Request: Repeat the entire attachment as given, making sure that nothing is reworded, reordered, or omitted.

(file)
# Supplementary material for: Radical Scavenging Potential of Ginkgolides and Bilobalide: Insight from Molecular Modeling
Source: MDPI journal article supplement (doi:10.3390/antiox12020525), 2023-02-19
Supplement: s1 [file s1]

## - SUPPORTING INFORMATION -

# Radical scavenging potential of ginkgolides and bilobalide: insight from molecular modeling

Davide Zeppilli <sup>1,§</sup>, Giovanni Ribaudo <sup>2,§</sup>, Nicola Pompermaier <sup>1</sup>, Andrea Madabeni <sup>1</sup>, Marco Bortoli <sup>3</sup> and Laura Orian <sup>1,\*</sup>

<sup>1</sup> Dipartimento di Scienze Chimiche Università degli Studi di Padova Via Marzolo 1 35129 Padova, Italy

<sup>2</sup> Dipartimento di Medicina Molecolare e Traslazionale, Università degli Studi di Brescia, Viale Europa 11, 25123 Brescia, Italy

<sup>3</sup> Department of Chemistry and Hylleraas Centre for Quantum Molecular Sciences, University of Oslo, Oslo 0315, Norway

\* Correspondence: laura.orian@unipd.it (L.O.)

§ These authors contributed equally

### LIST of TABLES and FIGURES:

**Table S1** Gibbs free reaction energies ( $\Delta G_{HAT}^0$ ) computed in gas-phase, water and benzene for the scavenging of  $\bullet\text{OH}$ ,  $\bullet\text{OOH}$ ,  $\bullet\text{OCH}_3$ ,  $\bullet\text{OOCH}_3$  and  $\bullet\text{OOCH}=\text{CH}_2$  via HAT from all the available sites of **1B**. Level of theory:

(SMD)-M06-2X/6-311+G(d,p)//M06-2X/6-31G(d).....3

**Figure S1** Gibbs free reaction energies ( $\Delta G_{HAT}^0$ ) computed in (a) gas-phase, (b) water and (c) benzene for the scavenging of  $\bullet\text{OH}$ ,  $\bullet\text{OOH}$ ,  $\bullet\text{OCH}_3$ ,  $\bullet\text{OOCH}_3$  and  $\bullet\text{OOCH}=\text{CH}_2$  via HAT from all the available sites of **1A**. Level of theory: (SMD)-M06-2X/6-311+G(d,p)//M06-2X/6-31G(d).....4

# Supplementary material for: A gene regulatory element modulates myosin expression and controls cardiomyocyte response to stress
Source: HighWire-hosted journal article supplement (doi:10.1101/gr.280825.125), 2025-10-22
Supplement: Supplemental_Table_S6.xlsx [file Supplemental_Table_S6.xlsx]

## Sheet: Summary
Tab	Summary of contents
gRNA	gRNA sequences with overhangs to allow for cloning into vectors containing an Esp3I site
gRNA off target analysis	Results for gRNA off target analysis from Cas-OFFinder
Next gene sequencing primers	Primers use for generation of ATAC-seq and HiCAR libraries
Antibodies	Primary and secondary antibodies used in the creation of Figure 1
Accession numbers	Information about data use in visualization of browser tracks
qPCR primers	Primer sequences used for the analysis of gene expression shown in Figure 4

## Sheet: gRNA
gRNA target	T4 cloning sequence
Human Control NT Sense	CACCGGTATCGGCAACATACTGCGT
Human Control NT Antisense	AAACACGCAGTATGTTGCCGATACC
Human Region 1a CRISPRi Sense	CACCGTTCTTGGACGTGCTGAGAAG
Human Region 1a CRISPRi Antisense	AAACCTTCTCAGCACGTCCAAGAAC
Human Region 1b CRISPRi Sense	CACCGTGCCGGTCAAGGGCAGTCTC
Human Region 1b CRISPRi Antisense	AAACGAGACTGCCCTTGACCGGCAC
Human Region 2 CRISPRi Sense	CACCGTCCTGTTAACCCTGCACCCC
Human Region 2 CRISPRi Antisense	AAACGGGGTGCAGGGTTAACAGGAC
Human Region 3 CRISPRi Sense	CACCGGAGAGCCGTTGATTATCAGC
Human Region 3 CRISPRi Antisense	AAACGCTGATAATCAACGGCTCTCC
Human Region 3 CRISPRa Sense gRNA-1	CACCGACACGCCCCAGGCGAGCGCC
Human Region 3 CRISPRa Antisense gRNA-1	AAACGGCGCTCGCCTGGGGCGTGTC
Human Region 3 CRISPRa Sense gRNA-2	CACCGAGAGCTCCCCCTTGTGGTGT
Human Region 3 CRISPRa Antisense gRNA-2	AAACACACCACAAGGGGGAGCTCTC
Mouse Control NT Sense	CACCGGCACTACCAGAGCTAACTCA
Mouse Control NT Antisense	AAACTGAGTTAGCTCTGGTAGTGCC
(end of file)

# Supplementary material for: Radical Scavenging Potential of Ginkgolides and Bilobalide: Insight from Molecular Modeling
Source: MDPI journal article supplement (doi:10.3390/antiox12020525), 2023-02-19
Supplement: s1 [file s1]

## - SUPPORTING INFORMATION -

# Radical scavenging potential of ginkgolides and bilobalide: insight from molecular modeling

Davide Zeppilli <sup>1,§</sup>, Giovanni Ribaudo <sup>2,§</sup>, Nicola Pompermaier <sup>1</sup>, Andrea Madabeni <sup>1</sup>, Marco Bortoli <sup>3</sup> and Laura Orian <sup>1,\*</sup>

<sup>1</sup> Dipartimento di Scienze Chimiche Università degli Studi di Padova Via Marzolo 1 35129 Padova, Italy

<sup>2</sup> Dipartimento di Medicina Molecolare e Traslazionale, Università degli Studi di Brescia, Viale Europa 11, 25123 Brescia, Italy

<sup>3</sup> Department of Chemistry and Hylleraas Centre for Quantum Molecular Sciences, University of Oslo, Oslo 0315, Norway

\* Correspondence: laura.orian@unipd.it (L.O.)

§ These authors contributed equally

### LIST of TABLES and FIGURES:

**Table S1** Gibbs free reaction energies ( $\Delta G_{HAT}^0$ ) computed in gas-phase, water and benzene for the scavenging of  $\bullet\text{OH}$ ,  $\bullet\text{OOH}$ ,  $\bullet\text{OCH}_3$ ,  $\bullet\text{OOCH}_3$  and  $\bullet\text{OOCH}=\text{CH}_2$  via HAT from all the available sites of **1B**. Level of theory:

(SMD)-M06-2X/6-311+G(d,p)//M06-2X/6-31G(d).....3

**Figure S1** Gibbs free reaction energies ( $\Delta G_{HAT}^0$ ) computed in (a) gas-phase, (b) water and (c) benzene for the scavenging of  $\bullet\text{OH}$ ,  $\bullet\text{OOH}$ ,  $\bullet\text{OCH}_3$ ,  $\bullet\text{OOCH}_3$  and  $\bullet\text{OOCH}=\text{CH}_2$  via HAT from all the available sites of **1A**. Level of theory: (SMD)-M06-2X/6-311+G(d,p)//M06-2X/6-31G(d).....4

# Supplementary material for: A gene regulatory element modulates myosin expression and controls cardiomyocyte response to stress
Source: HighWire-hosted journal article supplement (doi:10.1101/gr.280825.125), 2025-10-22
Supplement: Supplemental_Table_S6.xlsx [file Supplemental_Table_S6.xlsx]

## Sheet: Summary
Tab	Summary of contents
gRNA	gRNA sequences with overhangs to allow for cloning into vectors containing an Esp3I site
gRNA off target analysis	Results for gRNA off target analysis from Cas-OFFinder
Next gene sequencing primers	Primers use for generation of ATAC-seq and HiCAR libraries
Antibodies	Primary and secondary antibodies used in the creation of Figure 1
Accession numbers	Information about data use in visualization of browser tracks
qPCR primers	Primer sequences used for the analysis of gene expression shown in Figure 4

## Sheet: gRNA
gRNA target	T4 cloning sequence
Human Control NT Sense	CACCGGTATCGGCAACATACTGCGT
Human Control NT Antisense	AAACACGCAGTATGTTGCCGATACC
Human Region 1a CRISPRi Sense	CACCGTTCTTGGACGTGCTGAGAAG
Human Region 1a CRISPRi Antisense	AAACCTTCTCAGCACGTCCAAGAAC
Human Region 1b CRISPRi Sense	CACCGTGCCGGTCAAGGGCAGTCTC
Human Region 1b CRISPRi Antisense	AAACGAGACTGCCCTTGACCGGCAC
Human Region 2 CRISPRi Sense	CACCGTCCTGTTAACCCTGCACCCC
Human Region 2 CRISPRi Antisense	AAACGGGGTGCAGGGTTAACAGGAC
Human Region 3 CRISPRi Sense	CACCGGAGAGCCGTTGATTATCAGC
Human Region 3 CRISPRi Antisense	AAACGCTGATAATCAACGGCTCTCC
Human Region 3 CRISPRa Sense gRNA-1	CACCGACACGCCCCAGGCGAGCGCC
Human Region 3 CRISPRa Antisense gRNA-1	AAACGGCGCTCGCCTGGGGCGTGTC
Human Region 3 CRISPRa Sense gRNA-2	CACCGAGAGCTCCCCCTTGTGGTGT
Human Region 3 CRISPRa Antisense gRNA-2	AAACACACCACAAGGGGGAGCTCTC
Mouse Control NT Sense	CACCGGCACTACCAGAGCTAACTCA
Mouse Control NT Antisense	AAACTGAGTTAGCTCTGGTAGTGCC